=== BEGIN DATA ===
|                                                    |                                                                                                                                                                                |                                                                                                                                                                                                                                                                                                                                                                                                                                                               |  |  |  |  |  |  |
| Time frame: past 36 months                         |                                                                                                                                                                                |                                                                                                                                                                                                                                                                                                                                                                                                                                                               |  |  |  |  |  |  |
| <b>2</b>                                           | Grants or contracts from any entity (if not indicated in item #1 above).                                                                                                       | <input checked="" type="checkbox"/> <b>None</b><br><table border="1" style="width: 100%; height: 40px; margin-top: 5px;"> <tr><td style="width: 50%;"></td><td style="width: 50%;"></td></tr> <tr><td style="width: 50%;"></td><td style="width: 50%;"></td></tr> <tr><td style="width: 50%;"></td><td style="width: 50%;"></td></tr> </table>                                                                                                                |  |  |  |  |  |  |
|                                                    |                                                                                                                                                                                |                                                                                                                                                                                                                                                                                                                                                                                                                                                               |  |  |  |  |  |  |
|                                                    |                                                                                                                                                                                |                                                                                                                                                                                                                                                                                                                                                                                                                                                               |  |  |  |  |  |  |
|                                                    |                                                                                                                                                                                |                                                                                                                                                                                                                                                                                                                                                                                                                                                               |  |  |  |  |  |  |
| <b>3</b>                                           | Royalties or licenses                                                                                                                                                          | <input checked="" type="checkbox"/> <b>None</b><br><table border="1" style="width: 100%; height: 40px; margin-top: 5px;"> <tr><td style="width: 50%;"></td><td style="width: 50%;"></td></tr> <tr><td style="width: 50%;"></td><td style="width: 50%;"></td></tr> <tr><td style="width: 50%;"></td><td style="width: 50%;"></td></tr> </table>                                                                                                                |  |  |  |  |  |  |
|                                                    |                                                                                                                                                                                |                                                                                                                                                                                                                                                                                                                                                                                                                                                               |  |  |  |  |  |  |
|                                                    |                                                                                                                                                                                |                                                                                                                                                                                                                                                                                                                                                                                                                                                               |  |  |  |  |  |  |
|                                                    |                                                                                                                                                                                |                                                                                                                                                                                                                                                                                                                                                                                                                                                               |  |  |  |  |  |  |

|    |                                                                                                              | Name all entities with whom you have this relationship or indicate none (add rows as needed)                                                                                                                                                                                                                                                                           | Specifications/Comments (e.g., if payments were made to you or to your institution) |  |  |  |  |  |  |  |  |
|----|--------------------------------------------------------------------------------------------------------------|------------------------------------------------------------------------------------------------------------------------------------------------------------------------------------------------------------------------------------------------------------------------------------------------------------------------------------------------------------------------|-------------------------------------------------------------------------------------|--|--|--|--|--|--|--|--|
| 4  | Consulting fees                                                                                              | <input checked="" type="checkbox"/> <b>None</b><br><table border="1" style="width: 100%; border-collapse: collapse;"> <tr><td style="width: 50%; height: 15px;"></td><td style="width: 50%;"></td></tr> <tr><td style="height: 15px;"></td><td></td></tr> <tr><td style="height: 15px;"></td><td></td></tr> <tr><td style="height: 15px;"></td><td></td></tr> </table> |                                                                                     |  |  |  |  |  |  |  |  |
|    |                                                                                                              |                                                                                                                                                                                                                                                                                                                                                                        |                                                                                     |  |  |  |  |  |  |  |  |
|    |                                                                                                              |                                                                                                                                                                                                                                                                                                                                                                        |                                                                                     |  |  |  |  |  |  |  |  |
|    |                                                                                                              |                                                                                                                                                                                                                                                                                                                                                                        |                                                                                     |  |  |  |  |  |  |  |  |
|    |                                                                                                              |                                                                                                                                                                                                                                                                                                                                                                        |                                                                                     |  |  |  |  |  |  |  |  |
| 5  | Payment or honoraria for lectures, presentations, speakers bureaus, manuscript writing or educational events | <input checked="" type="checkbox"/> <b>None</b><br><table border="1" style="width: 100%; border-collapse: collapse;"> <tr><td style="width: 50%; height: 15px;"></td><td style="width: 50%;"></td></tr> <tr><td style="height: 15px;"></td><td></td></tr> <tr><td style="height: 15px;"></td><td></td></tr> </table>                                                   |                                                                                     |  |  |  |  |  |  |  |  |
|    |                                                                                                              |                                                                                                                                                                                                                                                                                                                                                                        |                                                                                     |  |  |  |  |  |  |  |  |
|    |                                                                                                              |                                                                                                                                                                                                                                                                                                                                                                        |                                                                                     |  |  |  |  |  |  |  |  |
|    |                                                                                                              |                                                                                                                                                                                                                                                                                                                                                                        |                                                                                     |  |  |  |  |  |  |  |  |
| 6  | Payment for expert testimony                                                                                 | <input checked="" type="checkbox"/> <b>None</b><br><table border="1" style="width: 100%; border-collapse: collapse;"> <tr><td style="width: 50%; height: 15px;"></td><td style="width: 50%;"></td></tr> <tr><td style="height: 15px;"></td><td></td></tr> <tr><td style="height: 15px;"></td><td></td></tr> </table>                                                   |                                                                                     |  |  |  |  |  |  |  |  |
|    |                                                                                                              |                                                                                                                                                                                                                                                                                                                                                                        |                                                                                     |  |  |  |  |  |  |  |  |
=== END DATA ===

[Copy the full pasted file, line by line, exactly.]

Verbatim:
|                                                    |                                                                                                                                                                                |                                                                                                                                                                                                                                                                                                                                                                                                                                                               |  |  |  |  |  |  |
| Time frame: past 36 months                         |                                                                                                                                                                                |                                                                                                                                                                                                                                                                                                                                                                                                                                                               |  |  |  |  |  |  |
| <b>2</b>                                           | Grants or contracts from any entity (if not indicated in item #1 above).                                                                                                       | <input checked="" type="checkbox"/> <b>None</b><br><table border="1" style="width: 100%; height: 40px; margin-top: 5px;"> <tr><td style="width: 50%;"></td><td style="width: 50%;"></td></tr> <tr><td style="width: 50%;"></td><td style="width: 50%;"></td></tr> <tr><td style="width: 50%;"></td><td style="width: 50%;"></td></tr> </table>                                                                                                                |  |  |  |  |  |  |
|                                                    |                                                                                                                                                                                |                                                                                                                                                                                                                                                                                                                                                                                                                                                               |  |  |  |  |  |  |
|                                                    |                                                                                                                                                                                |                                                                                                                                                                                                                                                                                                                                                                                                                                                               |  |  |  |  |  |  |
|                                                    |                                                                                                                                                                                |                                                                                                                                                                                                                                                                                                                                                                                                                                                               |  |  |  |  |  |  |
| <b>3</b>                                           | Royalties or licenses                                                                                                                                                          | <input checked="" type="checkbox"/> <b>None</b><br><table border="1" style="width: 100%; height: 40px; margin-top: 5px;"> <tr><td style="width: 50%;"></td><td style="width: 50%;"></td></tr> <tr><td style="width: 50%;"></td><td style="width: 50%;"></td></tr> <tr><td style="width: 50%;"></td><td style="width: 50%;"></td></tr> </table>                                                                                                                |  |  |  |  |  |  |
|                                                    |                                                                                                                                                                                |                                                                                                                                                                                                                                                                                                                                                                                                                                                               |  |  |  |  |  |  |
|                                                    |                                                                                                                                                                                |                                                                                                                                                                                                                                                                                                                                                                                                                                                               |  |  |  |  |  |  |
|                                                    |                                                                                                                                                                                |                                                                                                                                                                                                                                                                                                                                                                                                                                                               |  |  |  |  |  |  |

|    |                                                                                                              | Name all entities with whom you have this relationship or indicate none (add rows as needed)                                                                                                                                                                                                                                                                           | Specifications/Comments (e.g., if payments were made to you or to your institution) |  |  |  |  |  |  |  |  |
|----|--------------------------------------------------------------------------------------------------------------|------------------------------------------------------------------------------------------------------------------------------------------------------------------------------------------------------------------------------------------------------------------------------------------------------------------------------------------------------------------------|-------------------------------------------------------------------------------------|--|--|--|--|--|--|--|--|
| 4  | Consulting fees                                                                                              | <input checked="" type="checkbox"/> <b>None</b><br><table border="1" style="width: 100%; border-collapse: collapse;"> <tr><td style="width: 50%; height: 15px;"></td><td style="width: 50%;"></td></tr> <tr><td style="height: 15px;"></td><td></td></tr> <tr><td style="height: 15px;"></td><td></td></tr> <tr><td style="height: 15px;"></td><td></td></tr> </table> |                                                                                     |  |  |  |  |  |  |  |  |
|    |                                                                                                              |                                                                                                                                                                                                                                                                                                                                                                        |                                                                                     |  |  |  |  |  |  |  |  |
|    |                                                                                                              |                                                                                                                                                                                                                                                                                                                                                                        |                                                                                     |  |  |  |  |  |  |  |  |
|    |                                                                                                              |                                                                                                                                                                                                                                                                                                                                                                        |                                                                                     |  |  |  |  |  |  |  |  |
|    |                                                                                                              |                                                                                                                                                                                                                                                                                                                                                                        |                                                                                     |  |  |  |  |  |  |  |  |
| 5  | Payment or honoraria for lectures, presentations, speakers bureaus, manuscript writing or educational events | <input checked="" type="checkbox"/> <b>None</b><br><table border="1" style="width: 100%; border-collapse: collapse;"> <tr><td style="width: 50%; height: 15px;"></td><td style="width: 50%;"></td></tr> <tr><td style="height: 15px;"></td><td></td></tr> <tr><td style="height: 15px;"></td><td></td></tr> </table>                                                   |                                                                                     |  |  |  |  |  |  |  |  |
|    |                                                                                                              |                                                                                                                                                                                                                                                                                                                                                                        |                                                                                     |  |  |  |  |  |  |  |  |
|    |                                                                                                              |                                                                                                                                                                                                                                                                                                                                                                        |                                                                                     |  |  |  |  |  |  |  |  |
|    |                                                                                                              |                                                                                                                                                                                                                                                                                                                                                                        |                                                                                     |  |  |  |  |  |  |  |  |
| 6  | Payment for expert testimony                                                                                 | <input checked="" type="checkbox"/> <b>None</b><br><table border="1" style="width: 100%; border-collapse: collapse;"> <tr><td style="width: 50%; height: 15px;"></td><td style="width: 50%;"></td></tr> <tr><td style="height: 15px;"></td><td></td></tr> <tr><td style="height: 15px;"></td><td></td></tr> </table>                                                   |                                                                                     |  |  |  |  |  |  |  |  |
|    |                                                                                                              |                                                                                                                                                                                                                                                                                                                                                                        |                                                                                     |  |  |  |  |  |  |  |  |